By Paul Lombino
Someday, some client is going to describe their next editorial project to me and end the conversation with “and can you have it done yesterday?”
As a species, freelancers are reluctant to disappoint clients. So in August when a new client from a prestigious firm with a rich history came to me and proposed a major revision of their company’s 60-page website, I was eager to take it on.
It wasn’t a matter of putting in more time or working faster. Without getting into detail, there were simply not enough hours in the day. I’m not one to lecture, but I will offer one suggestion when scheduling your next big editorial assignment. If possible, allow a “reasonable” lead time.
Merriam-Webster defines reasonable as “not extreme or excessive.” One way to determine reasonableness is to schedule backwards. If, for example, you have a week, two weeks, a month, whatever, break down your project by fundamental tasks.
- How long does it take to produce a page of copy?
- What other people are involved in the review process?
- Is source material readily available or does your project factor in time for research?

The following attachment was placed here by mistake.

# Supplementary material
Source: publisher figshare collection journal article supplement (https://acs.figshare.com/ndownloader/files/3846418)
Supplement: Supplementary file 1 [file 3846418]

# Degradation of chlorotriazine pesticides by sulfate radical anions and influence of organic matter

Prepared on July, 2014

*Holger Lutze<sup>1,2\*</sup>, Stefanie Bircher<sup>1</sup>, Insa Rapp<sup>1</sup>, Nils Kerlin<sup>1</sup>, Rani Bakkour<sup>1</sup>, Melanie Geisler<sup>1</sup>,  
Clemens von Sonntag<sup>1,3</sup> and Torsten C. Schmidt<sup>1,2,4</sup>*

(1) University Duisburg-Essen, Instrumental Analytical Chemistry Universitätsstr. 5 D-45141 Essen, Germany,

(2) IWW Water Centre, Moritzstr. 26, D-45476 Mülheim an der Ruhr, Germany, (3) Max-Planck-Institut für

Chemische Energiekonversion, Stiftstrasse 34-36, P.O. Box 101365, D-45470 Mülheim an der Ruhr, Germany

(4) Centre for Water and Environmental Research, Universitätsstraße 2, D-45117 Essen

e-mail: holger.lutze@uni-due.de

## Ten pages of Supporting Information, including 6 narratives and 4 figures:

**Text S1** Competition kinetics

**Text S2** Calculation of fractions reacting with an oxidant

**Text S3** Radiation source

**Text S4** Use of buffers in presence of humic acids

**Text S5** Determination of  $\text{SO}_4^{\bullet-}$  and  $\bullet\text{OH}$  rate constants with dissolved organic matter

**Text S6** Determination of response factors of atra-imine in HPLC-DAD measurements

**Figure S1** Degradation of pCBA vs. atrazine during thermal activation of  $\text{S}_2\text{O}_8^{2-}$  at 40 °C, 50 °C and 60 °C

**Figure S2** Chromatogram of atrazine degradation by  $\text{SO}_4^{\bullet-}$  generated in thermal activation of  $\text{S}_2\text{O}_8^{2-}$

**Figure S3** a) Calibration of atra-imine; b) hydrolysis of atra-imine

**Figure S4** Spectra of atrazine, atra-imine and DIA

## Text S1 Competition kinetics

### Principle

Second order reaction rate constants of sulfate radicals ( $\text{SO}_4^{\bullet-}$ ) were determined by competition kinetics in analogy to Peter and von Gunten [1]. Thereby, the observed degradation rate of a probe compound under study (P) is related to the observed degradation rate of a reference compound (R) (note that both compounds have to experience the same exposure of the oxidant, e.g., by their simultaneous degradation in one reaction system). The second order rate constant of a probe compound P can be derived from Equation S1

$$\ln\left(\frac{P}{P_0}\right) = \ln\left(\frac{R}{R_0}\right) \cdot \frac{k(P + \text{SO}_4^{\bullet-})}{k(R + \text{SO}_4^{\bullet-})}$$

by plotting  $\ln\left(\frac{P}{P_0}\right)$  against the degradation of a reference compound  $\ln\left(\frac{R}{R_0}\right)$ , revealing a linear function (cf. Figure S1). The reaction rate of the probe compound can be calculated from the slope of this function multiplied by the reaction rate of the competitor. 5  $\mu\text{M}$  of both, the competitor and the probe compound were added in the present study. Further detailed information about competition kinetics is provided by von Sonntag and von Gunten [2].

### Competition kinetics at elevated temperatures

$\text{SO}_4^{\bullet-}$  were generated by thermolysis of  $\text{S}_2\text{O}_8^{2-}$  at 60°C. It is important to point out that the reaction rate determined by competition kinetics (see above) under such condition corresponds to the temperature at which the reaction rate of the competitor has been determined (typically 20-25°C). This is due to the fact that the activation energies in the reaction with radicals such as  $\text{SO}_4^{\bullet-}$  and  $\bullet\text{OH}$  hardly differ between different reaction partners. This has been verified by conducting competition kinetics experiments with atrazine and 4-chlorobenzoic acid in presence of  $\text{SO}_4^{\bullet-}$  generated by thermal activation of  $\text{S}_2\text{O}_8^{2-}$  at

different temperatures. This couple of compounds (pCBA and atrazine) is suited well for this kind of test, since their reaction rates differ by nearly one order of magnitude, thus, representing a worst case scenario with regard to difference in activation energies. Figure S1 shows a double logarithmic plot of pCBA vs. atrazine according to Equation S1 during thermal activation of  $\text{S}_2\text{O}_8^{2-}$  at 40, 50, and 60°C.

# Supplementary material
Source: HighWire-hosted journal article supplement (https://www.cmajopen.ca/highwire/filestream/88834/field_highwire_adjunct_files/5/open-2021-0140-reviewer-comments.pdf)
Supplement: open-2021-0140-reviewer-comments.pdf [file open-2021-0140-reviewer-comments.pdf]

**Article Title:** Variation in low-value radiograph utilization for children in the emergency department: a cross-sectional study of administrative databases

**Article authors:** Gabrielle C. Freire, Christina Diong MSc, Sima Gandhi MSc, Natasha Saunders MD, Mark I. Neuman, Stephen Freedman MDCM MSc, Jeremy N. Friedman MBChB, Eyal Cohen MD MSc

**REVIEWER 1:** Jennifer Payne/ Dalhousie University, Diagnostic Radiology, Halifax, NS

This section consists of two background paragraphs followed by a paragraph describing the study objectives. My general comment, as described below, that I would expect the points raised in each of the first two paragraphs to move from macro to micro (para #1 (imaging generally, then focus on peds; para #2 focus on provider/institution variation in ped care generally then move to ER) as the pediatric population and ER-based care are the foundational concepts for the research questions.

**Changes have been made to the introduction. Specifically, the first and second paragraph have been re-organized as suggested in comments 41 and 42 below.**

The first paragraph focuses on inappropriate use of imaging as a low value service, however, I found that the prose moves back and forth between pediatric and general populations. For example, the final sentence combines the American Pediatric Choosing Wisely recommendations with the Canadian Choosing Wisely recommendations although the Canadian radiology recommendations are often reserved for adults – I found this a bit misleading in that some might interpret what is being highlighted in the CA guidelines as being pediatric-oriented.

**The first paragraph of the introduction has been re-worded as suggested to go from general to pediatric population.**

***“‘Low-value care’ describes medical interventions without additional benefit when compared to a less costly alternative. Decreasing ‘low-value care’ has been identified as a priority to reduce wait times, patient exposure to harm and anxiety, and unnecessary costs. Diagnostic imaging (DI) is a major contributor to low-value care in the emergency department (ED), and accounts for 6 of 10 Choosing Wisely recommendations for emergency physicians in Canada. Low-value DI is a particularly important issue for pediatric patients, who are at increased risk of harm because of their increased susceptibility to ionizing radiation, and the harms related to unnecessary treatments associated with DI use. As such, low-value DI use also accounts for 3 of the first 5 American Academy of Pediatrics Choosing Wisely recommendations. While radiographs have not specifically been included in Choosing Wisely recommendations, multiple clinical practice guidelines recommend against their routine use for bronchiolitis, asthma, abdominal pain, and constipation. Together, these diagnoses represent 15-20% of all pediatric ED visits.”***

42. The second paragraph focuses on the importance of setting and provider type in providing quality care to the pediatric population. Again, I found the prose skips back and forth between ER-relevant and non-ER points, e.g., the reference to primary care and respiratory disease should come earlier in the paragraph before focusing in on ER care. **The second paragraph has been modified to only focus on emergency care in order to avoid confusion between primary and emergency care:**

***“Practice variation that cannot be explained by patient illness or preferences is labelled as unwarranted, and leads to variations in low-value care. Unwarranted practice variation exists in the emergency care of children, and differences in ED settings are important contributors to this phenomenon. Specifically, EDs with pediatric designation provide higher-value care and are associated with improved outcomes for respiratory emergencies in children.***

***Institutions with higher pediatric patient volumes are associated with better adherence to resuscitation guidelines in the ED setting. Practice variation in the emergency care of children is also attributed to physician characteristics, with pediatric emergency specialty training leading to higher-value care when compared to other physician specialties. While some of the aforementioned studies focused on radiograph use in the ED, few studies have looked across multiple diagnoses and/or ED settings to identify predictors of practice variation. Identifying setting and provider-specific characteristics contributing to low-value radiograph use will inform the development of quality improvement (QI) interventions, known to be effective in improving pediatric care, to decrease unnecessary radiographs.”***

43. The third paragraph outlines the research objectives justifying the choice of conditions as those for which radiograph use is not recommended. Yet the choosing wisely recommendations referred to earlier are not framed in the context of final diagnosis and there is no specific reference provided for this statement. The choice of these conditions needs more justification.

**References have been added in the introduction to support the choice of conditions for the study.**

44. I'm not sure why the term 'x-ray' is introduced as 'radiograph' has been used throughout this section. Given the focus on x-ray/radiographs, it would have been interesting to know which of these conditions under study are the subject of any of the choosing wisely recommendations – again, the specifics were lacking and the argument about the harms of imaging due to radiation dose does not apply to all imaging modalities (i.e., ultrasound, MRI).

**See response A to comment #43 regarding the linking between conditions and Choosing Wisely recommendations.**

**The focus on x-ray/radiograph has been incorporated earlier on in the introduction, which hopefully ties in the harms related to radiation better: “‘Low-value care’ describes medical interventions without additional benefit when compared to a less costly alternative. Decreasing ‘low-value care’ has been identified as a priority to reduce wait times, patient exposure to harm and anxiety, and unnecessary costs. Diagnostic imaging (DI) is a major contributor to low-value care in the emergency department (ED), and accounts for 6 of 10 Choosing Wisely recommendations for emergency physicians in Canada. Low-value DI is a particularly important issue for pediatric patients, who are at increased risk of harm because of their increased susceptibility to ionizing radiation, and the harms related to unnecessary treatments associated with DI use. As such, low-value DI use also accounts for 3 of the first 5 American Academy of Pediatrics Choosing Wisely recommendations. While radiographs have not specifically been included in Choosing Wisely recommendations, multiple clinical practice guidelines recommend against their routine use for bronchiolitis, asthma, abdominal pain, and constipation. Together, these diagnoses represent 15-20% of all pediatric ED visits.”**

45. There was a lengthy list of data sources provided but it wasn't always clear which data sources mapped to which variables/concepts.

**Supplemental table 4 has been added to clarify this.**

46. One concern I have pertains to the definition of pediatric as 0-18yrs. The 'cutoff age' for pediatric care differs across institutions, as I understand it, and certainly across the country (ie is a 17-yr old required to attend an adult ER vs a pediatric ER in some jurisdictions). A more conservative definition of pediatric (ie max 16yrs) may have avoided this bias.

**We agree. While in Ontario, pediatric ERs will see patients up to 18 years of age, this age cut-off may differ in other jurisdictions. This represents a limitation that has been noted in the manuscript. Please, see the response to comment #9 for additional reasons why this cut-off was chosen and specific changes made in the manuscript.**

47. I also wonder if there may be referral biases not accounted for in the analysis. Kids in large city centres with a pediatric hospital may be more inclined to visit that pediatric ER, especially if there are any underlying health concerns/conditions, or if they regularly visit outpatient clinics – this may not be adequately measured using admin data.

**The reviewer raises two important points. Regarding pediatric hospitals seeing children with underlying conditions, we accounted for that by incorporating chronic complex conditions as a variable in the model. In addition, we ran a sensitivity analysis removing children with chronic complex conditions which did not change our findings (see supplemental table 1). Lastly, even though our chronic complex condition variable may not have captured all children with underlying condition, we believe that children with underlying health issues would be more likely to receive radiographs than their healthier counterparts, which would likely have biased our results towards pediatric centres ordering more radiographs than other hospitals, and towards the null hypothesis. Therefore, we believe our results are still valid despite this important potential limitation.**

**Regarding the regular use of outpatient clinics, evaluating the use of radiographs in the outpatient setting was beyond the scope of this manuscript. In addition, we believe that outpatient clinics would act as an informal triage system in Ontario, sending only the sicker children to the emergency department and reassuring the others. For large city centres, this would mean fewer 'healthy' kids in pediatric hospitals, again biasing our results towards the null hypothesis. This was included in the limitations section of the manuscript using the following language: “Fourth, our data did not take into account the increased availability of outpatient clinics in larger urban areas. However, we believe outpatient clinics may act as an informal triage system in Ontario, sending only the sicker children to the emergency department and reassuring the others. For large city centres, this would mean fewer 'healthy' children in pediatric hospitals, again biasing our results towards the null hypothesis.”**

Once you gather all those pieces, determine if the puzzle fits together cohesively. Does your timeline add up with room for contingencies along the way?
Quality Requires Time
Every project is unique in its own way. And, granted, sometimes emergencies occur that demand tight turnaround times. But time and quality go hand-in-glove. Once you decide an editorial need exists at your business, don’t wait for the last minute to contact your freelance professional. Ask questions to establish a reasonable timeframe. Not for their sake. And not even for yours.
In the end, what matters is presenting a targeted sales message to your customers. If you’re concerned about piling up billable hours on a limited budget, many freelancers are willing to work with your marketing department to negotiate a fixed price. What matters is telling a compelling story. Your company’s story. Now isn’t that worth a reasonable amount of time?
Remember, when you’re planning your next editorial project, yesterday’s gone.